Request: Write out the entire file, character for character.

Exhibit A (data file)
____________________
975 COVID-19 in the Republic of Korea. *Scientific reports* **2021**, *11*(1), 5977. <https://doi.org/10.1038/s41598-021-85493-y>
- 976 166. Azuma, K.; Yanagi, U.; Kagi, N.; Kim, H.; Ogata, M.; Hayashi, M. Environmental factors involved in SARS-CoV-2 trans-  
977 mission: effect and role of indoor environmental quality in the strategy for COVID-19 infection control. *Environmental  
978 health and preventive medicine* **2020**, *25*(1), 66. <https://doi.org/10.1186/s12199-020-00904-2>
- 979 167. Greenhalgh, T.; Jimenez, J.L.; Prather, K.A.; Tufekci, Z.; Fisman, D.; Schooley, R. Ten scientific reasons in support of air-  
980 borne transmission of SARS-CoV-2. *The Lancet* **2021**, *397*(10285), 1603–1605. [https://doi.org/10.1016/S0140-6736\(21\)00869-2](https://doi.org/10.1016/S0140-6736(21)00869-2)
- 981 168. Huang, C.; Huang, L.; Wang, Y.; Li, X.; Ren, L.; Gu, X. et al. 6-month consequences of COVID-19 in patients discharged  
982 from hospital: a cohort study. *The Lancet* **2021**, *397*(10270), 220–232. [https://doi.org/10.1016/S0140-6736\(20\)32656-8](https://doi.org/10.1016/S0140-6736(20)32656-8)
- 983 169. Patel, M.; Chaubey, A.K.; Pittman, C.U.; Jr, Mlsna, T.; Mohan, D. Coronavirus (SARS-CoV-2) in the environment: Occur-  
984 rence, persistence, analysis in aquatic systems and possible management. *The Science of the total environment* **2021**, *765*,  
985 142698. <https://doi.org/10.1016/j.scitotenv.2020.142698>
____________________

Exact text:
975 COVID-19 in the Republic of Korea. *Scientific reports* **2021**, *11*(1), 5977. <https://doi.org/10.1038/s41598-021-85493-y>
- 976 166. Azuma, K.; Yanagi, U.; Kagi, N.; Kim, H.; Ogata, M.; Hayashi, M. Environmental factors involved in SARS-CoV-2 trans-  
977 mission: effect and role of indoor environmental quality in the strategy for COVID-19 infection control. *Environmental  
978 health and preventive medicine* **2020**, *25*(1), 66. <https://doi.org/10.1186/s12199-020-00904-2>
- 979 167. Greenhalgh, T.; Jimenez, J.L.; Prather, K.A.; Tufekci, Z.; Fisman, D.; Schooley, R. Ten scientific reasons in support of air-  
980 borne transmission of SARS-CoV-2. *The Lancet* **2021**, *397*(10285), 1603–1605. [https://doi.org/10.1016/S0140-6736\(21\)00869-2](https://doi.org/10.1016/S0140-6736(21)00869-2)
- 981 168. Huang, C.; Huang, L.; Wang, Y.; Li, X.; Ren, L.; Gu, X. et al. 6-month consequences of COVID-19 in patients discharged  
982 from hospital: a cohort study. *The Lancet* **2021**, *397*(10270), 220–232. [https://doi.org/10.1016/S0140-6736\(20\)32656-8](https://doi.org/10.1016/S0140-6736(20)32656-8)
- 983 169. Patel, M.; Chaubey, A.K.; Pittman, C.U.; Jr, Mlsna, T.; Mohan, D. Coronavirus (SARS-CoV-2) in the environment: Occur-  
984 rence, persistence, analysis in aquatic systems and possible management. *The Science of the total environment* **2021**, *765*,  
985 142698. <https://doi.org/10.1016/j.scitotenv.2020.142698>